Lives of Eminent Zoologists, from Aristotle to Linaeus: With Remarks on the Study of Natural History, and Occasional Observations on the Progress of Zoology

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Oliver & Boyd, 1834 - Ornithologists - 391 pages
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Page 159 - There is a small island in Lancashire, called the Pile of Foulders, wherein are found the broken pieces of old and bruised ships, some whereof have been cast thither by...
Page 159 - ... to the shape and form of a bird : when it is perfectly formed, the shell gapeth open and the first thing that appeareth is the...
Page 159 - When it is perfectly formed the shell gapeth open, and the first thing that appeareth is the foresaid lace, or string ; next come the legs of the bird hanging out ; and as it groweth greater, it openeth the shell by degrees, till at length it is all come forth, and hangeth only by the bill...
Page 167 - Bat let us ourselves examine things as we have opportunity, and converse with nature as well as books.
Page 140 - The people seem to be very lazy, at least the men, and may be frequently observed to plough in their cloaks. It is the fashion of them to wear cloaks when they go abroad, but especially on Sundays. They lay out most they are worth in cloaths, and a fellow that hath scarce ten groats besides to help himself with, you shall see come out of his smoaky cottage clad like a gentleman.
Page 176 - No creature in this sublunary world is capable of so doing besides man ; yet we are deficient herein : we content ourselves with the knowledge of the tongues, and a little skill in philology, or history perhaps, and antiquity, and neglect that which to me seems more material. I mean natural history and the works of the creation.
Page 152 - ... digesting was of no light kind. Without at all detracting from the merits of the author, whose labours, according to Dr Derham, were such, " that he allowed himself little or no time for those recreations and diversions which men of his estate and degree are apt to spend too much of their time in, but prosecuted his design with as great application, as if he had been to get his bread thereby...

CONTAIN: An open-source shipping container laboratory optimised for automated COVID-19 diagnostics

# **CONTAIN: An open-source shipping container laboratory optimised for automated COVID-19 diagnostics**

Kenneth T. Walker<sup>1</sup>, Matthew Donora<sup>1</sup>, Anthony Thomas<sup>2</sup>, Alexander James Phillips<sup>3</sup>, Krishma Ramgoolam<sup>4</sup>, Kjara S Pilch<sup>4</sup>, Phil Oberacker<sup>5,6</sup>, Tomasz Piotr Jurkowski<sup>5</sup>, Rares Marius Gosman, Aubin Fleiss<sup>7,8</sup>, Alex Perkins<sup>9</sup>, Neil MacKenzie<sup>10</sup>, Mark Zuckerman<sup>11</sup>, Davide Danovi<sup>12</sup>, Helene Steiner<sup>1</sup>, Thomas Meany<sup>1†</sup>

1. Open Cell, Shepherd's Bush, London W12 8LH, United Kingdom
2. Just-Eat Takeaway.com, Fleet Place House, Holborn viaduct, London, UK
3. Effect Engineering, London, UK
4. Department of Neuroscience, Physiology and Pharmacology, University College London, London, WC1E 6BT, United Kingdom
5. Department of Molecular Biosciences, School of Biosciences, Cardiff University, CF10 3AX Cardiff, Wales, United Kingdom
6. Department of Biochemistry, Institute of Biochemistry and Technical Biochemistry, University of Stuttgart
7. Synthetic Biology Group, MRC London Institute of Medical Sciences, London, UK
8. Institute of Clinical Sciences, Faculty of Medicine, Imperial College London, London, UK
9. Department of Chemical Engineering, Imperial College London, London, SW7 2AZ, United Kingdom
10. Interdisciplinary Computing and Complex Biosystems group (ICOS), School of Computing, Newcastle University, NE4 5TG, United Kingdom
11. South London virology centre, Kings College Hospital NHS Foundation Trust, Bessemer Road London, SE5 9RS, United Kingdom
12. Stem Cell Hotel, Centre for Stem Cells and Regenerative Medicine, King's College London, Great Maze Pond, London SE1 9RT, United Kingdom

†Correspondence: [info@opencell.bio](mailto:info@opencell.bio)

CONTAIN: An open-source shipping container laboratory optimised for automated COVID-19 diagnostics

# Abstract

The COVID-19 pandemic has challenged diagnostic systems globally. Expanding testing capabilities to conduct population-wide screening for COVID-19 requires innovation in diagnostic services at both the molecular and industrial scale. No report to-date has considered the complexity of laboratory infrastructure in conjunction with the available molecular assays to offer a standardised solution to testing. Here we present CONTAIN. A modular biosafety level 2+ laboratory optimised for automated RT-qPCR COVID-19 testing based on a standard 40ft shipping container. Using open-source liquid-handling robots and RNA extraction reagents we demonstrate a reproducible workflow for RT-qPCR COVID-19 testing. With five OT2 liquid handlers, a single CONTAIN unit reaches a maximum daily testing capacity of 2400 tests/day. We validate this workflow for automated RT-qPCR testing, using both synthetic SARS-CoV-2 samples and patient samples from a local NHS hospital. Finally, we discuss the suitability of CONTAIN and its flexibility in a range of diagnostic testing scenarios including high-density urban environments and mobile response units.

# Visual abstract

Page 141 - They are very bold, and sit in great multitudes till one comes close up to them, because they are not wont to be scared or disturbed. The young ones are esteemed a choice dish in Scotland, and sold very dear (Is. 8d. plucked). We eat of them at Dunbar. They are in bigness little inferior to an ordinary goose. The young one is upon the back black, and speckled with little white spots, under the breast and belly grey.
Page 176 - Let us then consider the works of God, and observe the operations of His hands: let us take notice of, and admire His infinite wisdom and goodness in the formation of them: no creature in this sublunary world, is capable of so doing...
Page 205 - ... an inkstand, pencase, microscope, and spying-glass, a gauze cap to protect me occasionally from the gnats; a comb; my journal, and a parcel of paper stitched together for drying plants, both in folio; my manuscript Ornithology, Flora Uplandica, and Characteres generici. I wore a hanger at my side, and carried a small fowling-piece, as well as an octangular stick, graduated for the purpose of measuring. My pocketbook contained a passport from the Governor of Upsal, and a recommendation from the...

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